Similarly, only the alpha female usually raises her leg to urinate. In her case, like Spitfire’s above, it is called a “flexed leg urination” (FLU).

The importance of noting this posturing in wolves is that from a distance one can begin to discern pack structure. In this case, with the Lamar Canyons, there are two females who are still working out their dominance relationship, although it is generally thought that Spitfire’s sister, Middle Gray (who recently gave birth to pups), has the upper hand.

middle gray

At any rate, this is one feisty gal who has indeed captured my heart.  I think she was just happy to see me!

spitfire

I hate to leave my wolf friends here in Yellowstone but I am on my way to Miami to pick up my own little “wolf pup.” An 8-week old black & red German Shepherd with internationally titled WORLD-CLASS champions on both sides of her family tree.

Think I should name her ‘Spitfire’?

The Lamar Canyon Pack: A Brief Retrospective

The Lamar Canyon Pack was decimated last year by hunters.

Two male brothers, alpha 755M & beta 754M, dominated the pack along with the world-famous “rock star” female, alpha 832F (aka F-06).

alpha female 832 returning to den

754M, the 2nd-in-charge male, ventured outside the Park and was legally shot in Wyoming. Shortly thereafter, 832F, not known to wander but who may have been looking for the ‘lost’ 754M, was similarly gunned down in the same general area outside the Park.

Subsequently, alpha male 755 left the pack so as not to mate with his daughters. He has apparently hooked up with an unknown female and currently they travel in and out of the Park.

The deceased 832F’s two daughters, Middle Gray and The Black Lamar Female (aka, Spitfire) now form the nucleus of the once-thriving Lamar Canyon Pack. A male from outside the pack, known only as Big Gray, has taken over the alpha role. Middle Gray is pregnant but not by Big Gray.

Just recently another brother (859M) to the two Lamar females has returned to join the pack and seems to be tolerated by Big Gray. A few ‘dope slaps’ by his sisters and some intimidating looks from Big Gray, and the pecking order was instantly worked out, with 859 at the bottom.

Actually, it is never as simple as it sounds. First, this group of four does not rise to the level of a “Pack” anymore, since technically a wolf pack requires some of the members to be offspring of a breeding pair, and no one has seen the litter yet. Right now they are simply referred to by wolf biologists as the “Lamar Canyons.” That designation may change in short order.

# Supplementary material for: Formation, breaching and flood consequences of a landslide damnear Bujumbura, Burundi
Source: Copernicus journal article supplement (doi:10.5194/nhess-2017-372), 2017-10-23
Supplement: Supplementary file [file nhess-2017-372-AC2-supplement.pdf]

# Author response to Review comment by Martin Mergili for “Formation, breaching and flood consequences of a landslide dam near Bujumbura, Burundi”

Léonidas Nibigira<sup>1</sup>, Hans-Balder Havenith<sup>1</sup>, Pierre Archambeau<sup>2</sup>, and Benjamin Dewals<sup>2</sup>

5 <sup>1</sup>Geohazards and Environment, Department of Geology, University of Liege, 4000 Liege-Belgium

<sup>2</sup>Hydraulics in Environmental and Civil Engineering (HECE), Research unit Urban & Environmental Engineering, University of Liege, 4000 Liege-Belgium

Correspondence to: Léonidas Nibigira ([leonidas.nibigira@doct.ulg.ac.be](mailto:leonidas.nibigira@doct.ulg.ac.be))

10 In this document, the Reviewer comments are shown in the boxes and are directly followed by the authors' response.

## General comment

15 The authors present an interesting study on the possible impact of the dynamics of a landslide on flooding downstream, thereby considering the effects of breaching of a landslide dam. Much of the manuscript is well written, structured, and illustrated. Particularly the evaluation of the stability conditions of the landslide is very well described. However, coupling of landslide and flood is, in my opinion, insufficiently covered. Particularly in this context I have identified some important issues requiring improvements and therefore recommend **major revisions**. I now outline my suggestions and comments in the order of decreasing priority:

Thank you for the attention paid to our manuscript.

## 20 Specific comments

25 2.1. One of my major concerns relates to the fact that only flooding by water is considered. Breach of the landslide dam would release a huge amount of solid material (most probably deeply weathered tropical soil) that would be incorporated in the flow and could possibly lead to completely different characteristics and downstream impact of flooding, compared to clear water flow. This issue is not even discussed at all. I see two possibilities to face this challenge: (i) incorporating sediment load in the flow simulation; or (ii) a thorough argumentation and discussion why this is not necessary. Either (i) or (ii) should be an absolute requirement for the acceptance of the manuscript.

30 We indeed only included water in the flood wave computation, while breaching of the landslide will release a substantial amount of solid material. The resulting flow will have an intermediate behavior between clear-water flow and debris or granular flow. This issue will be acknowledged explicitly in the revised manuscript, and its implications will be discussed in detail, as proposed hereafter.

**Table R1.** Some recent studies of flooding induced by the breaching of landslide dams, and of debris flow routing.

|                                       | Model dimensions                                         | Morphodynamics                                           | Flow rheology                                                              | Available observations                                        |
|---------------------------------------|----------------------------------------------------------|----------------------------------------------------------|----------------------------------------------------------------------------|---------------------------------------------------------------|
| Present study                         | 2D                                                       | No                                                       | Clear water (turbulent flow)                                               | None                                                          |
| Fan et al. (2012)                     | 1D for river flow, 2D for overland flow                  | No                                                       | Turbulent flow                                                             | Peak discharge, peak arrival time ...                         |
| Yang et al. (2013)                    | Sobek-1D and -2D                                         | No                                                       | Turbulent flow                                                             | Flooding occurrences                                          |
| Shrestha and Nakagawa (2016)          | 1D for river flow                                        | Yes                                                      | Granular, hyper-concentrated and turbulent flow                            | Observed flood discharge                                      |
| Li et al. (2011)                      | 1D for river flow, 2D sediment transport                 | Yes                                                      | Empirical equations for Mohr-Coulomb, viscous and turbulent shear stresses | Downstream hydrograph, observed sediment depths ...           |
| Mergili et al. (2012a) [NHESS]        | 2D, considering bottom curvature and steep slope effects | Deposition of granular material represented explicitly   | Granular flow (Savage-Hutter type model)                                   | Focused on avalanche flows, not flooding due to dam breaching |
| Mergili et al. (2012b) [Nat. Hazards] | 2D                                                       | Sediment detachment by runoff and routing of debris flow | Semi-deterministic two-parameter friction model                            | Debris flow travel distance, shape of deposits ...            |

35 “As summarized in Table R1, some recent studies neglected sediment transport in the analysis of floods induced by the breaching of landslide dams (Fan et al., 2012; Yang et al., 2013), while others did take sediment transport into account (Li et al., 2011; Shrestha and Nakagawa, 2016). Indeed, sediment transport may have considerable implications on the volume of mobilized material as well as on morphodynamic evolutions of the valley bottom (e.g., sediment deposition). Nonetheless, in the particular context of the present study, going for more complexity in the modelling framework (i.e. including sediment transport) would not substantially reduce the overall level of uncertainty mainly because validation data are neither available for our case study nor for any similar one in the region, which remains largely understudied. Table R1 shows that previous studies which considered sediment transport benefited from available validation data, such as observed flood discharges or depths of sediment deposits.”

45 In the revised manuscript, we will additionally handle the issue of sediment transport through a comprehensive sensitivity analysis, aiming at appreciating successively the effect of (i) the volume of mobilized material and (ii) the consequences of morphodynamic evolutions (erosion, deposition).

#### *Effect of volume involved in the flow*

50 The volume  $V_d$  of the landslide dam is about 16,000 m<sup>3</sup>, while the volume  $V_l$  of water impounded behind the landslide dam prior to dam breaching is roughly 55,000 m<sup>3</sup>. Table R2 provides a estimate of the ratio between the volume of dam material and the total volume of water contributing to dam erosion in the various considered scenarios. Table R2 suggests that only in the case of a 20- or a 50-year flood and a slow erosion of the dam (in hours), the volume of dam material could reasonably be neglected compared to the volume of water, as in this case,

No one even knows for sure who the sire is. Although, they know that it is not Big Gray. The location of the den – the same one used over and over again – is known from plane overflights, and many wolf watchers, including myself, have seen the sisters lugging chunks of food back to the den area.

UPDATE: two black wolf pups have just been sighted! It is still not clear who their sire is but we now know proof positive that it is not Big Gray, as two grays cannot produce black pups. The mystery continues…

🙂🙂🙂

lake Yellowstone header

Death In Yellowstone

In the wilderness you are never very far away from the edge, and if you take it for granted, it will come up and bite you!

Yellowstone National Park is untamed and unfenced. It is not Disneyland with moats and guardrails separating the wild from the domesticated.

You can die a thousand different ways in the Park, and over 300 (not counting car wrecks) have succumbed to accidents and foolhardiness since 1870.

bison

How?

The unsuspecting have been clawed & eaten by bears, and the careless have been gored by bison

warning sign Unsupervised kids have tumbled into thermal hot springs and been reduced to a bleached white skeleton in seconds

Yellowstone Falls Backing up without looking to take another picture and you can slip and fall hundreds of feet from a rocky ledge

Sampling one of the 6 types of poisonous mushrooms or 2 types of water hemlock can be deadly

Ski near the base of a steep slope and an avalanche could bury you until Spring

Venture out in a thunderstorm and you can get struck by lightning or crushed by falling trees

People have been trapped in forest fires and caught up in earthquakes

Meet up with the wrong guy and you can get murdered in the Park as readily as anywhere else

[I didn’t make any of this up, folks; it’s the gospel truth.]

And you can drown. More than 100 people have heard Shakespeare’s “dreadful noise of waters” in their ears while they sank down into murky depths or been tossed and carried for miles by raging rivers.

Yellowstone Lake

Most drownings, about 40, have occurred in Yellowstone Lake.  At a maximum depth of 410 feet and an average year-round temperature of 45 degrees Fahrenheit, it is perhaps the most potentially deadly body of water in the United States.

Frequent afternoon windstorms produce waves of five to six feet, which can easily capsize a small boat. It is said to be a Catch-22 situation whether to swim for shore or cling to your overturned vessel.

Did I mention that it was 20 miles across, north to south, and 14 miles east to west?

Either way, hypothermia is gonna get you in 20 minutes.

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Lord, Lord! methought, what pain it was to drown;

What dreadful noise of waters in mine ears!

What ugly sights of death within mine eyes!

Shakespeare, King Richard III

PS – the “warning” in the header image above was actually posted for years at Bridge Bay, at the entrance to Yellowstone Lake.  I am unable to confirm but I think it has since been modified (slightly) to eliminate the last three words, “to 20 minutes.”

boat caution sign